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As 9/11 illness victim Luis Alvarez is laid to rest, it’s revealed that the legislation he gave his life for might be named for him

Posted at 8:29 PM, Jul 03, 2019
and last updated 2019-07-03 20:30:13-04

ASTORIA, QUEENS -- Thousands of first responders from across the Tri-state and beyond bid a final farewell to Luis Alvarez on Wednesday.

He spent his last breaths, literally, fighting for them, so they paid respects at his funeral. At the mass at Immaculate Conception Church, it became apparent that Alvarez’s efforts to ensure that 9/11 victims get properly compensated will be fruitful posthumously.

Alvarez, a retired NYPD narcotics division and bomb squad detective, spent three months after the 9/11 attacks searching for survivors and for remains. He contracted colorectal cancer three years ago as a result of his exposure to Ground Zero toxins.

Despite 68 rounds of chemotherapy, Alvarez, who’d lived in Oceanside, Long Island and was raised in Astoria, ultimately perished from his 9/11 illness.

The day began in Oceanside, where a funeral procession carrying Alvarez drove beneath a US flag hung from local hook and ladder trucks. The hearse led the procession along the 24-mile route to Astoria, Queens.

Along the way, some people, who never even knew the NYPD veteran, faced the procession, holding flags, and displayed signs expressing support.

Outside of the church in Astoria, there were remembrances from people who've known Alvarez for most of his life.

"He grew up in this neighborhood," said Espi Deviccaro, a family friend. "Everybody he loved was here," she told PIX11 News. "His voice and his legacy will live on."

Prominent 9/11 victims' advocate John Feal, a 9/11 first responder himself, echoed that sentiment.

"Louie could have spent his last days and weeks and hours with his family and loved ones," Feal, founder of the Fealgood Foundation, an organization which raises money to help first responders and veterans, said.

Instead, said Feal, Alvarez "chose to spend" his final days "making... a difference."

" I hope when my time comes I'm half the man that Luis Alvarez was," said Feal.

Before Congress last month, Alvarez called for the 9/11 Victims' Compensation Fund, which is running out of money, to be fully funded. Alvarez testified on Capitol Hill with Feal and with comedian and activist Jon Stewart.

On Wednesday, Stewart was among mourners on hand at the church, as was NYPD commissioner James O'Neill.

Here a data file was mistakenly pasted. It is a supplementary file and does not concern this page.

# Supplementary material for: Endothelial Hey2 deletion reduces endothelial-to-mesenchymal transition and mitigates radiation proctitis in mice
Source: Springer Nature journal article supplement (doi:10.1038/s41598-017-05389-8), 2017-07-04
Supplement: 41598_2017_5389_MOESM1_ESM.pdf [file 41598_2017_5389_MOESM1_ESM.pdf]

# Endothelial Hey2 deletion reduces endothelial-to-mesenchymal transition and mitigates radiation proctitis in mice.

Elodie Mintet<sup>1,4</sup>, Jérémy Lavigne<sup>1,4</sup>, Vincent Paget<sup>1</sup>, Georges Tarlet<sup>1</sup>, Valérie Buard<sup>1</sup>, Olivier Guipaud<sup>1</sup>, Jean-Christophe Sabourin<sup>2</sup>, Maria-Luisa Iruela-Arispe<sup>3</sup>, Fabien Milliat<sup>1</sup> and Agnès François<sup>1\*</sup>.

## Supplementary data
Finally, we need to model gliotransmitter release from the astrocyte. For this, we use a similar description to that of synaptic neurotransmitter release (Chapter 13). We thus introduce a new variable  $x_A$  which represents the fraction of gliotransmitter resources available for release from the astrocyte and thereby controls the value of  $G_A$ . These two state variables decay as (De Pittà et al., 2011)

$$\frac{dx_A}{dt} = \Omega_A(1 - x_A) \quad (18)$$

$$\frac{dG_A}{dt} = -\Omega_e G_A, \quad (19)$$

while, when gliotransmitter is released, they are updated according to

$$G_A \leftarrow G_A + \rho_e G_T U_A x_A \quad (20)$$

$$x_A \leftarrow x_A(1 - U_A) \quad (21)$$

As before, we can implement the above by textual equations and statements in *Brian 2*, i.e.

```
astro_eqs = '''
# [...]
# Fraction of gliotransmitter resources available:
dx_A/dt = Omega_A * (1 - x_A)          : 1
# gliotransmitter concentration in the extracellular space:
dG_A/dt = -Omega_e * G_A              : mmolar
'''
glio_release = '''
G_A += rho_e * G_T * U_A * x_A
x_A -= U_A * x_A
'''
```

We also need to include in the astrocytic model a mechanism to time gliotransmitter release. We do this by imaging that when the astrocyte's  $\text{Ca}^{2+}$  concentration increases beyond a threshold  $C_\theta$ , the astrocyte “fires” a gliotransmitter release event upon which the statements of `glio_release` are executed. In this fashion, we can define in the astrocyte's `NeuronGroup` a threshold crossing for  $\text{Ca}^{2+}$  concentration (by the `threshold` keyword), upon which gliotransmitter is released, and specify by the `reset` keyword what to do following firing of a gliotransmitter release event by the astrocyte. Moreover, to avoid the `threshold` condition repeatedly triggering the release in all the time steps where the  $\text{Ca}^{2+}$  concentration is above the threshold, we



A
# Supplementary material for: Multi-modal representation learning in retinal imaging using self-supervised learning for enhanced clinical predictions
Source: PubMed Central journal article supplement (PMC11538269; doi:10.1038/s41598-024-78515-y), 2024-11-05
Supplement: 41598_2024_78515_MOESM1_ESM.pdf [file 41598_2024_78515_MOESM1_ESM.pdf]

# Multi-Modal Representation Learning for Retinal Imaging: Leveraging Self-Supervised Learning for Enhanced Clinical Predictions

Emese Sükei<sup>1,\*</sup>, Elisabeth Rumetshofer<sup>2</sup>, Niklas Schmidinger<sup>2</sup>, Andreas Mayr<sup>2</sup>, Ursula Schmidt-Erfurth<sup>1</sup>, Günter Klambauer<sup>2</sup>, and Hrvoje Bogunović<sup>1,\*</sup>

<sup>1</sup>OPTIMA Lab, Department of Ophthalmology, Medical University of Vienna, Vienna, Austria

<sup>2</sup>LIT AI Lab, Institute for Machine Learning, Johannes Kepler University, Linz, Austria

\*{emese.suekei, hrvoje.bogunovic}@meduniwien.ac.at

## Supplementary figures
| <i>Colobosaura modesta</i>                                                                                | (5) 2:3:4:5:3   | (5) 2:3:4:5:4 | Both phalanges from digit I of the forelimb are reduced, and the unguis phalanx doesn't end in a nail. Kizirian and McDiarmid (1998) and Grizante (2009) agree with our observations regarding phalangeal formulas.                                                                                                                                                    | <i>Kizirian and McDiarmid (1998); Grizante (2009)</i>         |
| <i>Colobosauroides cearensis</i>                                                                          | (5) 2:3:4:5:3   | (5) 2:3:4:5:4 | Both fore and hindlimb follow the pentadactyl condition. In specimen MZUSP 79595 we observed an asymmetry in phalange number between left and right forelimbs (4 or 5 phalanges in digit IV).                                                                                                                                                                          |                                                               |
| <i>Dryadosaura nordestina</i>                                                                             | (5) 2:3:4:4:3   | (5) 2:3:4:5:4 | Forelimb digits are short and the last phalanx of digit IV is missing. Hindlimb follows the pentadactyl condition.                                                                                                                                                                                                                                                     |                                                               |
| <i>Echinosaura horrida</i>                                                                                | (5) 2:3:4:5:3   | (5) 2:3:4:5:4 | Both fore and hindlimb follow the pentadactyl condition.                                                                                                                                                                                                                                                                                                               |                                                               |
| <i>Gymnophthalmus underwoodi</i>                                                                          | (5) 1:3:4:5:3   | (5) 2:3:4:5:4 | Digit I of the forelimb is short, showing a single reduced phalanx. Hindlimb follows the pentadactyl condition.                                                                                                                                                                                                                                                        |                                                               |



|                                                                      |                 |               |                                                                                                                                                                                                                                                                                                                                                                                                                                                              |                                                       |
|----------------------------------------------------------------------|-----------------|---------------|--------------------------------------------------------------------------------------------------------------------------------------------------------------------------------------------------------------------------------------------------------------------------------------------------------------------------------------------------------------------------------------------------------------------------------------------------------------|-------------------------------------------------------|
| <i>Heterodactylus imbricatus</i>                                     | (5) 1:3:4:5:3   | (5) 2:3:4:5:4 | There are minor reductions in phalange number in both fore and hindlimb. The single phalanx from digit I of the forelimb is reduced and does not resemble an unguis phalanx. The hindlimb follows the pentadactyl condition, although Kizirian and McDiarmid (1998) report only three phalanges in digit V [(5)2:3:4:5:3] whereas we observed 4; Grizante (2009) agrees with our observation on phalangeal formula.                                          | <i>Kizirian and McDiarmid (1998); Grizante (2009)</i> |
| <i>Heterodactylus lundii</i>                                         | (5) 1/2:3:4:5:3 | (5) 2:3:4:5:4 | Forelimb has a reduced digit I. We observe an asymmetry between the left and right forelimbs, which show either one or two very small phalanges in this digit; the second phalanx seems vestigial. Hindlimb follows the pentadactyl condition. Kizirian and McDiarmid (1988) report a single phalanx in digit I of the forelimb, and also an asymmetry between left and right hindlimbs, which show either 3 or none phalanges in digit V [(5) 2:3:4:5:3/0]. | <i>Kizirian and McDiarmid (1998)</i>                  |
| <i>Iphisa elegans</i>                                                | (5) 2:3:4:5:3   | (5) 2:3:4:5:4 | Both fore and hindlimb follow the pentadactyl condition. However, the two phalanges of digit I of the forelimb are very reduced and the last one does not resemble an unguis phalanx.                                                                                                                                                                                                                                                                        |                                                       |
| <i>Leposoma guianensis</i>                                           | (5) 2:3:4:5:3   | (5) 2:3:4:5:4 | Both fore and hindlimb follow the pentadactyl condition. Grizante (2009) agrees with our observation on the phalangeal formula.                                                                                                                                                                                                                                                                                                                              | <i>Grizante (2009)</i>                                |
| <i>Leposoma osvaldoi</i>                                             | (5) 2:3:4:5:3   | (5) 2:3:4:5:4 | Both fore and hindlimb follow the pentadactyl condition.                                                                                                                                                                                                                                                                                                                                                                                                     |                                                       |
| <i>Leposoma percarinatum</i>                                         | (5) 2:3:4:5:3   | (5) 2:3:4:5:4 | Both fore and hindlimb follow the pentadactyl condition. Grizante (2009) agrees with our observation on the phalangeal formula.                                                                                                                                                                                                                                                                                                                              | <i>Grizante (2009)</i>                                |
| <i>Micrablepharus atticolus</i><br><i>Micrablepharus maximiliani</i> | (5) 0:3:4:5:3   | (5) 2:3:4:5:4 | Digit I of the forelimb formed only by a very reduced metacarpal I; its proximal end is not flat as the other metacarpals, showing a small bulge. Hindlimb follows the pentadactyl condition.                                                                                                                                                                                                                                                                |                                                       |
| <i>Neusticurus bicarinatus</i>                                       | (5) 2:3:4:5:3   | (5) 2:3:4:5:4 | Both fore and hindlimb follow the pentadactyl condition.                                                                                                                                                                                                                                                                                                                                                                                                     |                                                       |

O'Neill described Alvarez as tireless and selfless.

"All Lou wanted in return was to have his government take care of his brothers and sisters," the commissioner said. "To make sure they were taken care of when they fall ill."

From Alvarez's nieces and nephews bringing communion gifts to the altar, to his sister and his eldest son speaking to the congregation, the detective's family was very involved in his funeral mass.

Aida Lugo, Alvarez's younger sister, said that on the last night of Alvarez's life, his night nurse encountered him walking around the hospice, short of breath.

He told the nurse that he "was looking for other first responders" to help.

"How we walk with the broken, "speaks louder than how we sit with the greatest," Lugo said.

She got a standing ovation at the end of her address, in which she invoked the NYPD motto, comparing it to her brother's life.

"Fidelis ad mortem," Lugo quoted. "Faithful unto death."

Alvarez's son David also addressed the mourners.

"In his last moments before taking his last breath," his son said, "I told him I love him. 'I love you, Dad. I promise to keep walking on the brave side of the line. I promise to be the man you inspired me to be.'"

With the playing of "Taps," a flyover by three NYPD helicopters, and bagpipes and drums from the NYPD Emerald Society, Alvarez received full honors.

The greatest honor, however, may be posthumous. Thanks in no small part to Alvarez's testimony, according to both of his members of Congress, Democrat Carolyn Maloney and Republican Peter King, the 9/11 Victims' Compensation Fund is expected to get approved by both houses of Congress to be funded for the next 70 years.

"When it is done, it will be to a large extent because of Lou Alvarez," King said.

Feal, the victims' advocate, and Maloney, the member of Congress, both said that if the victims' compensation funding measure becomes law, it may be named in part after Alvarez.